Veterans may qualify for expedited processing for Social Security disability claims.  You may receive expedited processing under:

  • 100% Permanent and Total Veterans Initiative – you should identify yourself as a “Veteran rated 100% P&T” when filing your SSDI or SSI application.  You also should provide the VA rating notification letter to Social Security
  • Wounded Warriors – if you received disabling mental or physical health injuries while on active duty on or after October 1, 2001, you are eligible for SSDI or SSI expedited application processing.  You don’t need to have been injured during combat operations.  You should tell Social Security that your injury occurred while on active duty.  

What are the medical requirements for SSDI?

First, Social Security considers whether your medical conditions fall under their listing of impairments, known as the Blue Book.  Typically, the Blue Book requires that your medical conditions meet very specific requirements.  If you don’t meet the listings, Social Security considers your residual functional capacity or RFC.  An RFC includes both physical and mental limitations.  Social Security looks at your medical evidence to determine your RFC.  They can also consider the opinions of your doctors.  Call us now if you are a Veteran and Want to Receive both VA and SSDI.

What medical evidence do veterans need for SSDI?

Your medical evidence should include records only for the period of time that you became disabled and unable to work.  Your treatment should also be continuous and ongoing.  The VA and Department of Defense (DOD) share medical records electronically with Social Security.  Social Security also considers any treatment veterans receive from civilian doctors.  Medical evidence can include:

  • Treatment notes and physical examinations
  • Imaging such as MRIs, x-rays, CT scans or nerve testing
  • Blood work or biopsy results
  • Pulmonary tests
  • Mental health records

SSDI “Grid Rules” 

Social Security has special disability rules the older you are.  They look at a chart known as the Medical-Vocational guidelines to evaluate your claim called the “grid rules.”  The grid rules make it easier for older people to win their case.  Social Security considers your age, education and work background.  The older you are, the easier it can be to win your case.  Call us now if you are a Veteran and Want to Receive both VA and SSDI.

Example 1:  applying the grid rules for veterans over age 50

For example, John, a 53 year old veteran, applied for disability due to arthritis in his knees.  John underwent a total knee replacement but continued to have pain and swelling in both knees.  He previously worked in a factory.  John received most of his treatment at the VA hospital.  His medical records included MRIs and x-rays of his knees.  His doctors also documented that he required the use of a cane due to his symptoms.  Social Security found that he could not return to work in the factory.  Since he is over the age of 50, the grid rules allow Social Security to approve his claim.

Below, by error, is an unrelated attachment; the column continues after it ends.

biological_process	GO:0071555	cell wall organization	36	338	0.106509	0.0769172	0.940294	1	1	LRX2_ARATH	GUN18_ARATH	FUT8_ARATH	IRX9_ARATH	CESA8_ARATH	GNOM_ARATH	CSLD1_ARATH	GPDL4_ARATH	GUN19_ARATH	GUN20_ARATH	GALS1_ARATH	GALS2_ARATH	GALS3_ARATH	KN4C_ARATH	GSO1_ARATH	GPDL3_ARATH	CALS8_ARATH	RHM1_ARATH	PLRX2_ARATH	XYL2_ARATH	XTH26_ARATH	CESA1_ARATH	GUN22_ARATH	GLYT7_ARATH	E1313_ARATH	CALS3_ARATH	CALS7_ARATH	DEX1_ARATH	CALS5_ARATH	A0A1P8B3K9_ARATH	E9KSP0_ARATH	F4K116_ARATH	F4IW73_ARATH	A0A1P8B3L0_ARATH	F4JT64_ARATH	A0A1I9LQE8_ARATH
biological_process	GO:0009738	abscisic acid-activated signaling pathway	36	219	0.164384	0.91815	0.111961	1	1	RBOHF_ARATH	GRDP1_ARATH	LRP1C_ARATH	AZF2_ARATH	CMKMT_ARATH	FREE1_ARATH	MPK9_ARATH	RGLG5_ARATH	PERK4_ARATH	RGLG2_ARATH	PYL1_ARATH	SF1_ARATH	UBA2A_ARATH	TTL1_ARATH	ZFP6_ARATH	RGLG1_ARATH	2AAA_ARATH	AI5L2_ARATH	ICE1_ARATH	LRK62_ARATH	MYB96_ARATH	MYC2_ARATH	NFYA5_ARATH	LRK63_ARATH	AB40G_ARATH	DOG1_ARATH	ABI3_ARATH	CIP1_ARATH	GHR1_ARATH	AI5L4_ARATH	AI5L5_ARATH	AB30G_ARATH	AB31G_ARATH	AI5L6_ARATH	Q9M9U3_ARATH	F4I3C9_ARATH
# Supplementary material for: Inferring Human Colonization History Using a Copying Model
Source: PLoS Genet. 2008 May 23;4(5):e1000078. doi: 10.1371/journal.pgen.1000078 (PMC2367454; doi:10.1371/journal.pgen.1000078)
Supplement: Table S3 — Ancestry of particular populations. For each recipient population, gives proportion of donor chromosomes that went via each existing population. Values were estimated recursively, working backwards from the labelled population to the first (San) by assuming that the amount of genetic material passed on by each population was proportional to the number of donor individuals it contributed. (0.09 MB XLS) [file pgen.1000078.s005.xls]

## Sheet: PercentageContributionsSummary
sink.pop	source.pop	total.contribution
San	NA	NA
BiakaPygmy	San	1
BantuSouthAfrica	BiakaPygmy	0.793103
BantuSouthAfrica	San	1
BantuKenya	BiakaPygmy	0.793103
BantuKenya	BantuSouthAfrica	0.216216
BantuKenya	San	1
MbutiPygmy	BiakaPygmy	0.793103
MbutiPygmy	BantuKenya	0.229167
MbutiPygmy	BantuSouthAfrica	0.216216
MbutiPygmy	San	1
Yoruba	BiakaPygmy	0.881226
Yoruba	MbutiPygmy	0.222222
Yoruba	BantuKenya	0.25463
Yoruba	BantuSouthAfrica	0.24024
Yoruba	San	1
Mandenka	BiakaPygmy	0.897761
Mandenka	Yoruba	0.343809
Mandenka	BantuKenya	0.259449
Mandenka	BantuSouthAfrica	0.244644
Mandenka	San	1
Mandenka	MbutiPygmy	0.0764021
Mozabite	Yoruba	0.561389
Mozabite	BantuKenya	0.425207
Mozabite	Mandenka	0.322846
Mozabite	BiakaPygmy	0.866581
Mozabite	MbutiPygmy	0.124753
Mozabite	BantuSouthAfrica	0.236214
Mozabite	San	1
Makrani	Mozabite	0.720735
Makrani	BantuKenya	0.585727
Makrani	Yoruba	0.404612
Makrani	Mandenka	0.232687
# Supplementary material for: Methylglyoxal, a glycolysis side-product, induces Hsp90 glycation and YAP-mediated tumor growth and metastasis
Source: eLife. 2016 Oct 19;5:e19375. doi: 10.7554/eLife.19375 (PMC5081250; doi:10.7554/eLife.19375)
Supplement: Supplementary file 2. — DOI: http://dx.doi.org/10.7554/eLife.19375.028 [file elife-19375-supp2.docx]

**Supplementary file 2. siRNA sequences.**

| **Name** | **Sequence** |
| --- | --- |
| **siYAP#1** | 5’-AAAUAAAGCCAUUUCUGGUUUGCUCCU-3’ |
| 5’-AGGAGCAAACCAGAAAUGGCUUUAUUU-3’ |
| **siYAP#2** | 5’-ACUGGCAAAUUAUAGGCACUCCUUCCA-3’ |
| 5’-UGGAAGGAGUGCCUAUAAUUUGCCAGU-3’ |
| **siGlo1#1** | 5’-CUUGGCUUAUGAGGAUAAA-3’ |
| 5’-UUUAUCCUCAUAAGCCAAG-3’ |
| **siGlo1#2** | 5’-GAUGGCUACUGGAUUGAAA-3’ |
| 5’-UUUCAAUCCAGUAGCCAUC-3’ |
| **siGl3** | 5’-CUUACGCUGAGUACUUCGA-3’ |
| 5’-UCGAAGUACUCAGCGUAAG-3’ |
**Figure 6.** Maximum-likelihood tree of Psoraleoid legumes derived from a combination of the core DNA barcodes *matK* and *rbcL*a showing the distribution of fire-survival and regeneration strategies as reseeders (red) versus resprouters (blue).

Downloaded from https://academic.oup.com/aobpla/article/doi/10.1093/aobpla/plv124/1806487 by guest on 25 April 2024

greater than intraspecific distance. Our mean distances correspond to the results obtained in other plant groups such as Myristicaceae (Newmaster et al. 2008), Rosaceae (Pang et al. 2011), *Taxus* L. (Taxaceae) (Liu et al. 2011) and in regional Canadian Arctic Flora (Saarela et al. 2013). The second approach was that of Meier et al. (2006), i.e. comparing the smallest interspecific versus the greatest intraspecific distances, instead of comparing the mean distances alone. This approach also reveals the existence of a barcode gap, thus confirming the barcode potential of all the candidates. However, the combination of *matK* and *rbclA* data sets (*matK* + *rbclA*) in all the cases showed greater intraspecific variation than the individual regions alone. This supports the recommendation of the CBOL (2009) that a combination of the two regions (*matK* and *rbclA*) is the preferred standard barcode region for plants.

Example 2:  applying the grid rules for veterans over age 55

As another example, Chris, a 58 year old veteran, applied for disability due to a right shoulder impairment and degenerative disc disease in his spine.  Chris previously worked as a truck driver.  However, he was unable to load and unload the trucks due to his pain symptoms.  Chris received treatment from both the VA hospital and civilian doctors.  His medical records documented his pain symptoms and limited motion in his shoulder and back.  Social Security found that he could not return to work as a truck driver.  Since Chris is over the age of 55 and he could not return to his past work, Social Security approved his claim.  

Working disabled veterans can receive both VA and SSDI.

If you are currently working, you may not qualify for SSDI.  Social Security considers work earnings over a certain amount “substantial gainful activity” or SGA.  If you earn over the SGA limit, you will not qualify for SSDI.  In 2020, earnings S1, 260 per month or (before taxes) are considered SGA. Although, if you are working part-time and earning less than SGA, you may still qualify for SSDI.  However, any work may make it harder for Social Security to approve your claim.  Call us now if you are a Veteran and Want to Receive both VA and SSDI

Does active duty affect eligibility for SSDI?

Active duty status or receipt of military pay doesn’t necessarily keep you from receiving SSDI.  Social Security evaluates your work activity to figure out your eligibility.  You can apply while in a rehabilitation program or attending outpatient programs.  It doesn’t matter whether your treatment is in a VA hospital or civilian facility.   If you are on limited duty or working in a designated therapy program, you should definitely apply for SSDI.  

Does getting approved for Veterans VA benefits help receive SSDI?

Unfortunately, the answer is no.  The VA and Social Security have completely separate processes and requirements for approving claims.   However, Social Security will consider any evidence the VA used when looking at your claim.  Similarly, the VA is required to consider Social Security records.  Call us now if you are a Veteran and Want to Receive both VA and SSDI

Disability Help Group, Call Now for a Free Case Review, 800-700-0652

Make sure you start your claim the right way and apply for all the benefits you deserve. Contact us now for a free consultation.